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Finding the Bright Spots:’s Top 10 Stories of 2017

Finding the Bright Spots:’s Top 10 Stories of 2017

Wooden 2017 numbers on a marble surface with a sparkling gold background

As we prepare to ring in 2018, we look back on the year we leave behind, and… whew, what a year. In a time so often marred by bad news – from natural disasters to political crises to mass shootings to the (re-)rise of neo-Nazis – it’s easy to wonder: What was good about this year, anyway? Anything? We think so, though we’re certainly not dismissing the deep pain and discord we saw in 2017, either – just trying to find the bright spots.

Below are the top 10 Reform Jewish moments of the year, both positive and negative, listed in chronological(ish) order. Do you agree with our choices? What would you add? Leave us a comment and let us know – and may 2018 bring many more positive headlines within the Reform Jewish world and beyond. Happy New Year, friends.

1. Religion and politics took center stage.

In the wake of a contentious 2016 election, conversations began anew about religion, politics, and the relationship between the two – and Reform Jewish leaders had plenty to say. CBS News’ documentary Beyond Politics featured an interview with Rabbi Rick Jacobs, head of the North American Reform Movement, on the topic of countering racism and religious bigotry, and Meet the Press interviewed Rabbi David Saperstein, director emeritus of the Religious Action Center of Reform Judaism and immediate past U.S. Ambassador-at-Large for International Religious Freedom, for a segment titled “Religious Leaders Walk a Careful Line on Politics at the Pulpit.”

2. Reform Jews took action – lots of action.

The Women’s March on Washington coincided with President Trump’s inauguration weekend, drawing an estimated four million participants – with many Reform Jews among them. In April came the People’s Climate March, with heavy Jewish involvement and coinciding events in locations around the world; in August, the Religious Action Center of Reform Judaism led Reform Jewish clergy in participating in the Minister’s March for Justice, which focused on voting rights, health care, criminal justice reform, and economic justice. Coming together beyond organized marches, Jewish groups widely denounced President Trump’s Muslim travel ban, and clergy and congregants alike took part in pop-up airport protests.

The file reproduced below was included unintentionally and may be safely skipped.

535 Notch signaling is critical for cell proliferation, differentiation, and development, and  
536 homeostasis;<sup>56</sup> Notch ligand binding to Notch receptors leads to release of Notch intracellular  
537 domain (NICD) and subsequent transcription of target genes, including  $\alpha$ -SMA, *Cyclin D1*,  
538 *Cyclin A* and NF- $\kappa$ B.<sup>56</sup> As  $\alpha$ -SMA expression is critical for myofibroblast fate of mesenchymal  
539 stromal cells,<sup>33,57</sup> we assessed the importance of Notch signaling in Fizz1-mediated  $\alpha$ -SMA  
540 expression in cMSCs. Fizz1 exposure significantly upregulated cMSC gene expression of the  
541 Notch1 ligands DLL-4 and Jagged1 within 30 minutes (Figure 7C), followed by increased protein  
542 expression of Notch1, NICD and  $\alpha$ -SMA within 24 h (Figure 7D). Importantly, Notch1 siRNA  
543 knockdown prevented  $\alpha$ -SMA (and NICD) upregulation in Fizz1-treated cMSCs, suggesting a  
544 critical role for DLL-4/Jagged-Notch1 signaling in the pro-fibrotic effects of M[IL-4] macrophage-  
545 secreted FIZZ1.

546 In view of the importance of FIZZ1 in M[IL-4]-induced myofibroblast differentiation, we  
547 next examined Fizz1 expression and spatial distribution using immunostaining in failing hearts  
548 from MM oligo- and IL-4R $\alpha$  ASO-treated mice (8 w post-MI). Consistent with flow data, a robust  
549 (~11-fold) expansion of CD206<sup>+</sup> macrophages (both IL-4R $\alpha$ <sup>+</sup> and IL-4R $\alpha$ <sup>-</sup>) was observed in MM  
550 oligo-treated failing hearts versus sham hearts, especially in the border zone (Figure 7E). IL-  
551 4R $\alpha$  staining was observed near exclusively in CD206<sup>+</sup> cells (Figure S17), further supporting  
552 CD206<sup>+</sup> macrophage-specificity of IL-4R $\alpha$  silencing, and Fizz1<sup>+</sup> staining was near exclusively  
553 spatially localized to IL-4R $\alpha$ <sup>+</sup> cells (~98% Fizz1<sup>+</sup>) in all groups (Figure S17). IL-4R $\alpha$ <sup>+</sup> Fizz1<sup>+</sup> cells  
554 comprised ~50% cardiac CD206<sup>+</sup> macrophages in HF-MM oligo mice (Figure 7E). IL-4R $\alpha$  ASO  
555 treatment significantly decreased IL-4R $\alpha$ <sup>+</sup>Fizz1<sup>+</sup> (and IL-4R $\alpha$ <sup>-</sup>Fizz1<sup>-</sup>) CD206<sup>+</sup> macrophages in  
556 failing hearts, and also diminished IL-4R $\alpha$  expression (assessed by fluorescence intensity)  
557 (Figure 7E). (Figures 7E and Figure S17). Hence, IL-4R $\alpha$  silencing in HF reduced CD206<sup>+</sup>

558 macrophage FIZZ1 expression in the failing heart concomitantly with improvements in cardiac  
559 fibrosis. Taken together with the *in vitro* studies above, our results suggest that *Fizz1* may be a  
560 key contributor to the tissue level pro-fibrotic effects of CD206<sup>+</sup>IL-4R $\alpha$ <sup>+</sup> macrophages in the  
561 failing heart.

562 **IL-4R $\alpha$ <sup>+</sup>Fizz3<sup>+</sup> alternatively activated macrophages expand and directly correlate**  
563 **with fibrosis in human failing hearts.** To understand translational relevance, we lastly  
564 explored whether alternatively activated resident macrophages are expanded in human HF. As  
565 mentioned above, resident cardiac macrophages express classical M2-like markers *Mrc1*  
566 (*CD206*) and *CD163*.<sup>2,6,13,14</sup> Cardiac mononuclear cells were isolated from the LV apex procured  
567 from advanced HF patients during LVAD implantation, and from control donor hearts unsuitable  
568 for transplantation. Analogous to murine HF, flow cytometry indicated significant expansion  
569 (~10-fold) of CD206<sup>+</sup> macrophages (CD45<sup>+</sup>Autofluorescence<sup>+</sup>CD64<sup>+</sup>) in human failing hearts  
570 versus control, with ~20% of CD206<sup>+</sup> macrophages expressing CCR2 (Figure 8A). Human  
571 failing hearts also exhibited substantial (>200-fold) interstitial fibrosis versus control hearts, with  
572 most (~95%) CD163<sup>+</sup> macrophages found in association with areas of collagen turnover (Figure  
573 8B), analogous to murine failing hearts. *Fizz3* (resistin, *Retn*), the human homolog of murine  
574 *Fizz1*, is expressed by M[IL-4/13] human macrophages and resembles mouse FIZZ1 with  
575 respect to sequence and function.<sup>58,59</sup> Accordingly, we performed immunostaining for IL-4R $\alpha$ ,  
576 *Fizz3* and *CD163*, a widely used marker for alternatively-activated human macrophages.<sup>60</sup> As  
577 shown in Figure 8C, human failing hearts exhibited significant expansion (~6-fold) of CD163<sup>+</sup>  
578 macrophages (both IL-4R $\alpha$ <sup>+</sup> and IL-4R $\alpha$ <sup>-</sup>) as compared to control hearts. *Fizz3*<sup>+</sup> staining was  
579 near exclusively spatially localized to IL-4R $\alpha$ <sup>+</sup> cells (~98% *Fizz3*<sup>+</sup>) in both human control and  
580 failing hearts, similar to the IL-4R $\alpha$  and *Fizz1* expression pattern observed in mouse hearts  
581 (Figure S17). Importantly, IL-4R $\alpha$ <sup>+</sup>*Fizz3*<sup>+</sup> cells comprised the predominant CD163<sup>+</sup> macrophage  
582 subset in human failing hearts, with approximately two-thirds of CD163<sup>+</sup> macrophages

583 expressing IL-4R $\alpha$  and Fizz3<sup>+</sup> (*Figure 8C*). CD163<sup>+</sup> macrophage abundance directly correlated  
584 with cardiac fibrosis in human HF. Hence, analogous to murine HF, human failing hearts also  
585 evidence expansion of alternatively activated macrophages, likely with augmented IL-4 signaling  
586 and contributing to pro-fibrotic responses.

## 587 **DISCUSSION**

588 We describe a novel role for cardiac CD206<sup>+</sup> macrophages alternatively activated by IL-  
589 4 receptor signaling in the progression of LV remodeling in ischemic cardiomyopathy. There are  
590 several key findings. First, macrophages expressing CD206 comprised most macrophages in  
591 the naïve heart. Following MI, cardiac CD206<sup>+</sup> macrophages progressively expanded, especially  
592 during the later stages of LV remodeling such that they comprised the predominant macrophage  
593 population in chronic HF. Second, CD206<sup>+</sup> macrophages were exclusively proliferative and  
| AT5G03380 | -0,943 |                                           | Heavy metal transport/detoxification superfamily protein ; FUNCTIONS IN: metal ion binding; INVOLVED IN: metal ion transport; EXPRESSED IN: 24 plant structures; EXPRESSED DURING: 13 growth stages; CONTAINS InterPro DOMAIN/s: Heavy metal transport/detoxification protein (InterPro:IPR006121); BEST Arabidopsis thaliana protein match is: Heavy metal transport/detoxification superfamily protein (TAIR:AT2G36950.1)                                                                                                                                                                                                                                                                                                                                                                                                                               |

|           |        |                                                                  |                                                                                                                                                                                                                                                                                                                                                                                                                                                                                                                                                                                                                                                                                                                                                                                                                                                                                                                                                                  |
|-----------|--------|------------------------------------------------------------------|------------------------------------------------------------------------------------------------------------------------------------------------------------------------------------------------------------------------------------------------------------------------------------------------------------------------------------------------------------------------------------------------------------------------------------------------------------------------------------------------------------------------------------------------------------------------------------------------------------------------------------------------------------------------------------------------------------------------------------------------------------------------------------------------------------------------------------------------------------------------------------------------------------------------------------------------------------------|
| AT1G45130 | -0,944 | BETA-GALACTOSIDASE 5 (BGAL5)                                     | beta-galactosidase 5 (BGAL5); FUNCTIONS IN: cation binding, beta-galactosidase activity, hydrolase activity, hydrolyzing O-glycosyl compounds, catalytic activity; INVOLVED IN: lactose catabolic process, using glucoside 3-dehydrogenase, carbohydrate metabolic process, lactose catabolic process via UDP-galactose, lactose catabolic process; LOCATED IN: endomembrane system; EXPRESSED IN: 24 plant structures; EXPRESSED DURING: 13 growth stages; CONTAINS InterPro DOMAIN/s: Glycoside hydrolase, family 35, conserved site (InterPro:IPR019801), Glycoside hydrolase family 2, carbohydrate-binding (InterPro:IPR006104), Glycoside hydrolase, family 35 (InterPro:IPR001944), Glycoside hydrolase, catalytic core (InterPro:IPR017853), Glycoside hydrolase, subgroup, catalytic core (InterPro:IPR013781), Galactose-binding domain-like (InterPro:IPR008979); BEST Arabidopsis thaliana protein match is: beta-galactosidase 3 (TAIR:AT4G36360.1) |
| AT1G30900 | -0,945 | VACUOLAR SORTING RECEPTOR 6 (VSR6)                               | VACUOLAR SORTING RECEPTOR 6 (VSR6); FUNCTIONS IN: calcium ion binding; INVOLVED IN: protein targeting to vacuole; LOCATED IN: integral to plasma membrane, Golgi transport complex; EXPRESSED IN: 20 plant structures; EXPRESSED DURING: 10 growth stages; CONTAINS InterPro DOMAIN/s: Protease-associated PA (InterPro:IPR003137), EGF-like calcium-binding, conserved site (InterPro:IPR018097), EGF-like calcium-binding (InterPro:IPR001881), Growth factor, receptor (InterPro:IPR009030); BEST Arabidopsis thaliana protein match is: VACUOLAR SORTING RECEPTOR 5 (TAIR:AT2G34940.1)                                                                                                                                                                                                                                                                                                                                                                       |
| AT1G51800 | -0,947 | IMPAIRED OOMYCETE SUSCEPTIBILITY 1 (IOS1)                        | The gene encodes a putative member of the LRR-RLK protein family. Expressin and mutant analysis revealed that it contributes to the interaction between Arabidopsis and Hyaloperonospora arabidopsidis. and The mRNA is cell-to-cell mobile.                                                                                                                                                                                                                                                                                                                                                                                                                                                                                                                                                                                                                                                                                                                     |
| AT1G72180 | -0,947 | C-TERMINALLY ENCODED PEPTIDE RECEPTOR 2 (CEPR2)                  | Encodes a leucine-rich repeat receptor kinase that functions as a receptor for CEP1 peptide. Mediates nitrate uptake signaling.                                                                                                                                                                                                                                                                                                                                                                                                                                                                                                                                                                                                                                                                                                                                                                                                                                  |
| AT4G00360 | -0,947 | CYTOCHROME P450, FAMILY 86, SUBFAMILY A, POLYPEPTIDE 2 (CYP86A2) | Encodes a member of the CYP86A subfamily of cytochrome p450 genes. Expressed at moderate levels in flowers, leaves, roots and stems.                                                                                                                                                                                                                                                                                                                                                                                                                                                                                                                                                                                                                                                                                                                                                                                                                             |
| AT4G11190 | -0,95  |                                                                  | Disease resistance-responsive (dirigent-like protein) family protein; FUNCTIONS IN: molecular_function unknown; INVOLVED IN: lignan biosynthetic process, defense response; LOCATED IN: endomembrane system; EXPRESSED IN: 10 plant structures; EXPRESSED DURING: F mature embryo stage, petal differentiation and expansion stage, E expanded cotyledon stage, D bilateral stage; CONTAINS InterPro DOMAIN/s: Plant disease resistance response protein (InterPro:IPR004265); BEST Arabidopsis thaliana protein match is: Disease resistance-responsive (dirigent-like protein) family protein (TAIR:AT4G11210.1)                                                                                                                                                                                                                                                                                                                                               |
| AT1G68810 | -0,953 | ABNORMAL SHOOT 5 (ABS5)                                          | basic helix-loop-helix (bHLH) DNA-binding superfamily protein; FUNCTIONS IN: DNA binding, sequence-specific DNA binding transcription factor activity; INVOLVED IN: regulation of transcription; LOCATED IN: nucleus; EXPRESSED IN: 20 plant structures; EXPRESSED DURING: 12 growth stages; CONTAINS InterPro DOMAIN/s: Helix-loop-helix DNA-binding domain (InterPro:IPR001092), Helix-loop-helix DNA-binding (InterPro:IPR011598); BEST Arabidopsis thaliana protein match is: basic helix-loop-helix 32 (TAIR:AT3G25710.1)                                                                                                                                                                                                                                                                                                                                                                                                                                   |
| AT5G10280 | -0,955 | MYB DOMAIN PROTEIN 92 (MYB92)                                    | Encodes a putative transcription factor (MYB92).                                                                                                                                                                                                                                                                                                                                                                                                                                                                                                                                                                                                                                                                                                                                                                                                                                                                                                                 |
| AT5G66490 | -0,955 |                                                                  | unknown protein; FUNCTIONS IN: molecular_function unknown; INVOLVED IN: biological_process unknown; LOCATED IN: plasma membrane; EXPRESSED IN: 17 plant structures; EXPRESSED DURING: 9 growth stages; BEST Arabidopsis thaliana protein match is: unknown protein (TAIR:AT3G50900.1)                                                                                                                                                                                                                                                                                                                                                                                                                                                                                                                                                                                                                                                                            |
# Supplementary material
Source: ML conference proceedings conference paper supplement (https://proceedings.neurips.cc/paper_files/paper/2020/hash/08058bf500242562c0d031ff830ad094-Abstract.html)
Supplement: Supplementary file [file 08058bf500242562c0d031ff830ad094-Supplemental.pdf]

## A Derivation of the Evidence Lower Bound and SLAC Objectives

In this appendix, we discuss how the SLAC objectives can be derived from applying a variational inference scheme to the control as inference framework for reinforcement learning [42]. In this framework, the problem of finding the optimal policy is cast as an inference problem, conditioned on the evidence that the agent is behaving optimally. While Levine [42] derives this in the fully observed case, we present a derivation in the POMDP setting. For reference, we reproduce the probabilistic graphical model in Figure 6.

3. Protecting refugees and immigrants became high priority.

In keeping with the Jewish community’s tradition of welcoming the stranger, our Reform community held strong in support of immigrants and refugees; a Reform congregation in California hosted a rally to free a man facing deportation, and Reform temples in Canada, Chicago, and elsewhere have committed to sponsoring refugee families. The Religious Action Center continues to lead the Reform community on this issue, and its Refugee Crisis Response resource page is updated regularly.

4. Reform Judaism’s North American leader met with Pope Francis and other global leaders.

Rabbi Rick Jacobs, president of the Union for Reform Judaism, had the honor of meeting with Pope Francis in Vatican City in late May. Together, JTA reported, they shared their mutual concerns about President Trump’s immigration policies. Rabbi Jacobs said of their conversation, in part, “I was deeply honored to have had the opportunity to tell Pope Francis how appreciative we are of his work on interfaith relations and cooperative endeavors for the common good.” In 2017, Rabbi Jacobs also led a delegation of Reform Jewish leader in separate meetings with Israeli Prime Minister Benjamin Netanyahu and with Mahmoud Abbas, president of the Palestinian National Authority.

5. launched the weekly podcast “Stories We Tell.”

On the heels of our popular weekly podcast “On the Other Hand: Ten Minutes of Torah” comes “Stories We Tell,” which launched in May to great fanfare from the Jewish community – and was even recommended by The Guardian. The podcast builds on Judaism’s rich tradition of storytelling and of passing down stories from one generation to the next, sharing a short story each week. Rabbi Leora Kaye, who produces the podcast, told the New York Jewish Week, “Judaism starts with narrative. The way people truly learn about life is through stories.” New episodes are released each Thursday on iTunes and wherever you get your podcast fix.